Updated: Jan 2, 2020
Standing in the middle of a sugar beet field in the British countryside, watching the line of shooters and dog handlers in competition, I take a moment to consider how I came to be here. A year ago I was nothing more than a part-time dog trainer in Memphis, TN, making cold calls to respected professionals in the industry looking for an apprenticeship. Now I am a professional gundog trainer, observing a British Gundog Field Trial on the gorgeous Packington Estate, owned by the Earl and Lady Aylesford, surrounded by churches and mansions built long before own state even existed. I was sent here by my mentor to experience first-hand the tradition of shooting sports and handling gundogs, which began in fields just like these amongst the British nobility. The experience thus far has been eye-opening, revealing a sport steeped in a tradition of high standards and moral conduct – expected from every sportsman, woman, and dog.
I look around at the faces of the nervous competitors. Although, in reality, they don’t seem nervous, really. They are quite jovial, in fact. Chatting each other up, admiring each other’s new tweedy suits, and reminiscing about the best and worst of past trials. The camaraderie is a pleasant contrast from the overly-competitive nature bred into the American culture in general. (And I am, admittedly, as bad as it gets – my husband has learned that the easiest way to save on marriage counseling is to let me win at games or just not play at all!)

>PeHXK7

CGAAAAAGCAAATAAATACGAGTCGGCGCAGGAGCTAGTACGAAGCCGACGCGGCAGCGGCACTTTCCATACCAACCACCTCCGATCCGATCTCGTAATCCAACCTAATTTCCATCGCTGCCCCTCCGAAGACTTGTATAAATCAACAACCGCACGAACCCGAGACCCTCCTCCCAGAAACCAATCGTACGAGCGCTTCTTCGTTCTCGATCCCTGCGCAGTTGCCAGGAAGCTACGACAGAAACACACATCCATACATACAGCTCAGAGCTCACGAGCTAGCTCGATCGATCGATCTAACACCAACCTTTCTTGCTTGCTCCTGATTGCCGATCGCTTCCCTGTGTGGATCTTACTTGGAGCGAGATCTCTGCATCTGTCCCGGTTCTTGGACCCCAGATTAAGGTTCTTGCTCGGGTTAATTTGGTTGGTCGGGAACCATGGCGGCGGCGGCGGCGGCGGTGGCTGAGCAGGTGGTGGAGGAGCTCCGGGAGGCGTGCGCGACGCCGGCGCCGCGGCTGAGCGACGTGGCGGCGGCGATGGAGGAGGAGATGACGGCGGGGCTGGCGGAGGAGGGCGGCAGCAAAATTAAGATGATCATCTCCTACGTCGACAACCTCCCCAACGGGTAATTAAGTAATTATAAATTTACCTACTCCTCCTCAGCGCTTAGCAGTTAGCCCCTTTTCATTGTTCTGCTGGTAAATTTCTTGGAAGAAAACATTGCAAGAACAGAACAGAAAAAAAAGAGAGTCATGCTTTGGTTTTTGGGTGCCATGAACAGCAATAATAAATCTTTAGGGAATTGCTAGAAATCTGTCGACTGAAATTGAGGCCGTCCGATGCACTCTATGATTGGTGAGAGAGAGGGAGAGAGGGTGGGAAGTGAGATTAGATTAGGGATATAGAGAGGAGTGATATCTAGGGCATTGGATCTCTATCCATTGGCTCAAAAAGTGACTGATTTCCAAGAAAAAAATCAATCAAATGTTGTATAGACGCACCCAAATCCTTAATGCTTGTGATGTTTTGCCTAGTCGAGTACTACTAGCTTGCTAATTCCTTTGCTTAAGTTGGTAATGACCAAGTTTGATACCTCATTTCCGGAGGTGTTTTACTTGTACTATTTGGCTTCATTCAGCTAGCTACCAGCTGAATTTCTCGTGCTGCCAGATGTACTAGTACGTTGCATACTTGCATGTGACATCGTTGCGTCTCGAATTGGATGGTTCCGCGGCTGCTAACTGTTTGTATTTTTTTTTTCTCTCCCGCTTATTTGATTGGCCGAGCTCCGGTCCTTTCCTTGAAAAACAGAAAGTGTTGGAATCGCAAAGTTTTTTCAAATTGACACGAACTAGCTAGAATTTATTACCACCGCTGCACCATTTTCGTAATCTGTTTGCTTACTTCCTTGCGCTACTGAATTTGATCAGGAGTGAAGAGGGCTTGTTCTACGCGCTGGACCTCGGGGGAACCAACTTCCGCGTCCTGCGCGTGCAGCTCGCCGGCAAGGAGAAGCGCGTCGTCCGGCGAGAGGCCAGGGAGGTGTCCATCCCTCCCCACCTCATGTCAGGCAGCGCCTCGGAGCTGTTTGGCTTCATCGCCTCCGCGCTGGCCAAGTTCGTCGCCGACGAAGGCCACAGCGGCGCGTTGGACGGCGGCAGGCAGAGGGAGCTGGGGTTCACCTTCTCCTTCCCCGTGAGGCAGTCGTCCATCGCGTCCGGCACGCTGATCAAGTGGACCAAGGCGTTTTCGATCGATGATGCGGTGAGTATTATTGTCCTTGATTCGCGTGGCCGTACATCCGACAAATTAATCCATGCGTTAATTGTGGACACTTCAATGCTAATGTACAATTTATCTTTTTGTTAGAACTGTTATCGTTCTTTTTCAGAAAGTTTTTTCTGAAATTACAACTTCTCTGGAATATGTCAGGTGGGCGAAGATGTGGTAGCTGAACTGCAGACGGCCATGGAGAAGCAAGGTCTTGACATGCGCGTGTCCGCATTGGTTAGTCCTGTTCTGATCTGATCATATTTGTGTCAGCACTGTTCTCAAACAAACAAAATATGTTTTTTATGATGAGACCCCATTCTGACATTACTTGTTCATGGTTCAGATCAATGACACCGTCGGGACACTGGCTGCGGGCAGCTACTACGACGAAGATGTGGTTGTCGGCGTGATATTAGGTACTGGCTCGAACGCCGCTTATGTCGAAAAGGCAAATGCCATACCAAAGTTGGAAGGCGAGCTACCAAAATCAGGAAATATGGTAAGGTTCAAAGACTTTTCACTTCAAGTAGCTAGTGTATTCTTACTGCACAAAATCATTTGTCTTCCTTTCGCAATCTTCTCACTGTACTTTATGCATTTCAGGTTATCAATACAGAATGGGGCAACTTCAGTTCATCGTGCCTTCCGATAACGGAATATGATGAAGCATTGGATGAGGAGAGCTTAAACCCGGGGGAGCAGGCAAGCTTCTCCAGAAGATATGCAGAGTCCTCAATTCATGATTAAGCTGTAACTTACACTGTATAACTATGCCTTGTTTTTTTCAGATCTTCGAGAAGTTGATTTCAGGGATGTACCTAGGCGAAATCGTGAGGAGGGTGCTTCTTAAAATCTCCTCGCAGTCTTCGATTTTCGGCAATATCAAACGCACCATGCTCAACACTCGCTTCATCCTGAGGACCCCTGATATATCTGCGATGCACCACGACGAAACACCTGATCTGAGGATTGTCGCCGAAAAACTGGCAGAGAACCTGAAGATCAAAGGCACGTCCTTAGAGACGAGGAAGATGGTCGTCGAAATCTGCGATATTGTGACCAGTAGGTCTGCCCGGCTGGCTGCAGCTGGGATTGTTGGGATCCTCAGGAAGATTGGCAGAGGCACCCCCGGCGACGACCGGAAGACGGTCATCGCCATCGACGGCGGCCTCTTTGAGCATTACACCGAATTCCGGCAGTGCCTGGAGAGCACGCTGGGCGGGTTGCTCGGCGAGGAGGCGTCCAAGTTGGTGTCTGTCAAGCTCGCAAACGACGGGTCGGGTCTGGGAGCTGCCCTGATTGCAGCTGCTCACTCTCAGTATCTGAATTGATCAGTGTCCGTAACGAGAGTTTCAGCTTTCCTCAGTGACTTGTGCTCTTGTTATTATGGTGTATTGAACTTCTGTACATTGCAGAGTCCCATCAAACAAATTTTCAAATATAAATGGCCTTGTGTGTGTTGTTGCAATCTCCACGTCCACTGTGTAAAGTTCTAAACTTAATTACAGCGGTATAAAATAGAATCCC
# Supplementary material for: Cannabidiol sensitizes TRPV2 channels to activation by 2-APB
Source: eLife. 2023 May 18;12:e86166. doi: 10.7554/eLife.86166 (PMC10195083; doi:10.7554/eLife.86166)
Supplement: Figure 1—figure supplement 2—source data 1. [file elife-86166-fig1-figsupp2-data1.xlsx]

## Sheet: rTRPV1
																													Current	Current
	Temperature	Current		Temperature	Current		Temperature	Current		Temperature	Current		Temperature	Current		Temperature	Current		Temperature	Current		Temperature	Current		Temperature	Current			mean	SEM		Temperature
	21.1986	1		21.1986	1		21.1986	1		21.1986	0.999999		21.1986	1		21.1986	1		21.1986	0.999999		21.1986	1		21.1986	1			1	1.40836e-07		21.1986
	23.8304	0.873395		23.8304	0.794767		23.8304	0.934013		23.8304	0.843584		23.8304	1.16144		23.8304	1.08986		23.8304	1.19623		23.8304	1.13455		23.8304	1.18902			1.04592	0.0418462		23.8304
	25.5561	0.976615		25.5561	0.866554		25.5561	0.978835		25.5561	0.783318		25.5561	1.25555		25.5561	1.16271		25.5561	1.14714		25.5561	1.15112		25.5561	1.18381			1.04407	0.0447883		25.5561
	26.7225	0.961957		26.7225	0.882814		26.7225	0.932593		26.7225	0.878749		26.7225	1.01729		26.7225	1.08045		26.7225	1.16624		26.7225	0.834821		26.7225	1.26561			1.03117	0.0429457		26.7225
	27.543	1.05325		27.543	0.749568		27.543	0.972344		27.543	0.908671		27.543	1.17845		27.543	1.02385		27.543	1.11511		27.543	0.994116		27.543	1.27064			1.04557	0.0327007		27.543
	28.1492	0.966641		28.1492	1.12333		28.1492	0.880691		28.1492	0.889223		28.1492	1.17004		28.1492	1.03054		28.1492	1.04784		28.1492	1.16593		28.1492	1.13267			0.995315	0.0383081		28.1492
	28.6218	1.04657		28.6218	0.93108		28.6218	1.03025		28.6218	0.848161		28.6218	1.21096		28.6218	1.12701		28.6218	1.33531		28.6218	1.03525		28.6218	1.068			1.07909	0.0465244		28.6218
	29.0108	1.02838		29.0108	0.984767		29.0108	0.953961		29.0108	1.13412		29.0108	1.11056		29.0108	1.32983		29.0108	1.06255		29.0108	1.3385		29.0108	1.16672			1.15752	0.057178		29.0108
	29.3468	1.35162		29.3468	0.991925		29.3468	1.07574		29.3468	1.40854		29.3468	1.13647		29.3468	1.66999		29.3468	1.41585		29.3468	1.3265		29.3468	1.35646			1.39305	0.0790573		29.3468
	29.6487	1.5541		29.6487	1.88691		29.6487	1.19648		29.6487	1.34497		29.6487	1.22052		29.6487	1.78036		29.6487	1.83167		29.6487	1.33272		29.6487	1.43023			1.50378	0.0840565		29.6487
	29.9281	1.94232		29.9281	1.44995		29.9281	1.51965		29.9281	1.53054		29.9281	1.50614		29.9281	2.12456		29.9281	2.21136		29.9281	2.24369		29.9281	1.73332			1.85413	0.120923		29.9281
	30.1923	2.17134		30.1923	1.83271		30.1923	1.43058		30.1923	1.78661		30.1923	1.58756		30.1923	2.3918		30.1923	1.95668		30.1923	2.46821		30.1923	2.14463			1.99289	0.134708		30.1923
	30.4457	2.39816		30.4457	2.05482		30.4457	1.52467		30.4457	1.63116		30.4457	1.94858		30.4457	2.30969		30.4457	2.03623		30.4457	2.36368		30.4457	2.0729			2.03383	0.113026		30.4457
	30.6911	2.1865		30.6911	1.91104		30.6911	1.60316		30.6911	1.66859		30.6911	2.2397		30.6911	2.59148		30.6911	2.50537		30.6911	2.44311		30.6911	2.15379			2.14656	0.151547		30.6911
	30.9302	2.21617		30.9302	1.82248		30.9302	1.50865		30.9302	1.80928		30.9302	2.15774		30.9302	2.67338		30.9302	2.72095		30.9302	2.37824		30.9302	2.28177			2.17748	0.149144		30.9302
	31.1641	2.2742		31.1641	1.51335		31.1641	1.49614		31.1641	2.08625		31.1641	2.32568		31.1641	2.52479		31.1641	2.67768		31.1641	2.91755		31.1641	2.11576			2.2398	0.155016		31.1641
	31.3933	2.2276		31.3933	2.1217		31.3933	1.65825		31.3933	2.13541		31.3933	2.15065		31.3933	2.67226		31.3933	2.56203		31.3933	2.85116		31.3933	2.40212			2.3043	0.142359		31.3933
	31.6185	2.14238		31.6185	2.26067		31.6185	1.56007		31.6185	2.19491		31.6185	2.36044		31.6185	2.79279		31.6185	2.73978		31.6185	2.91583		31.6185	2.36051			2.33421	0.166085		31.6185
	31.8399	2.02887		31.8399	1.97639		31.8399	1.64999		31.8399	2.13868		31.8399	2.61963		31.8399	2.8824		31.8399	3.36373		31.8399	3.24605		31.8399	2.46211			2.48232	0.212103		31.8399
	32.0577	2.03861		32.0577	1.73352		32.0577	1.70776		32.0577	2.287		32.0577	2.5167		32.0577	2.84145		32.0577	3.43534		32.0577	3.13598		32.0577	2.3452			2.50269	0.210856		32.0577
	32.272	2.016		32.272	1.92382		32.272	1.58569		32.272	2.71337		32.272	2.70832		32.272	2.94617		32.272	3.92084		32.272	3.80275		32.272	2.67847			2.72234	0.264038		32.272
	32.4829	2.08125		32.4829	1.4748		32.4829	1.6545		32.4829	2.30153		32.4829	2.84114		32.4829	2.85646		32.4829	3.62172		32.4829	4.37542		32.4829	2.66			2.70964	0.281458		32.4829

As my own nerves start to wear off and I begin to join in on some of the conversations with the competitors, I am a bit surprised at how welcoming they are to this American outsider. I realize that this may be due, in large part, to the number of other women in the group, who are quick to make small talk with me. In fact, I am suddenly struck that there are just as many female handlers and shooters as males. Out of the 24 competitors in today’s dog trial, exactly half of them are women. I take a minute to admire the beautiful burgundy feminine-cut shooter vest and matching game bag worn by the woman next to me (any American woman will agree it’s difficult to find ANY feminine cut shooter vests, let alone something in colors other than black or hot pink!), and ask her if it is typical to have this many women at one event. At her puzzled response, I explain that it has been my experience in the US that there are very few women in the shooting and hunting sport. Having finally peaked their interest, it isn’t long before the entire gallery is discussing the topic of gender stratification in the hunting sector.
Let me back up and introduce myself. I was not born into the hunting culture, but it found me anyway! Though I was raised in a rural town in the Mississippi Delta, my family was transplanted to Arkansas from New Jersey, where hunting is limited to hunting burgers and gathering fries. Even though I grew up with friends whose calendars revolved around Opening Day, I never really got it until I took a position as a gundog trainer at Duckhill Kennels in Somerville, Tennessee. With my background in exotic animal training as a zookeeper at the Memphis Zoo and a bit of basic obedience training, I had been seeking more experience with training dogs for the working dog sector. I found Robert Milner’s Duckhill Kennels, excited to learn training techniques for Search & Rescue canines, and found myself instead thrown into a world of duck hunters and field trial trainers. Though USAR (Urban Search & Rescue) work is still a big component of my work at Duckhill, the majority of my training revolves around providing waterfowlers with a calm, focused retrieving companion.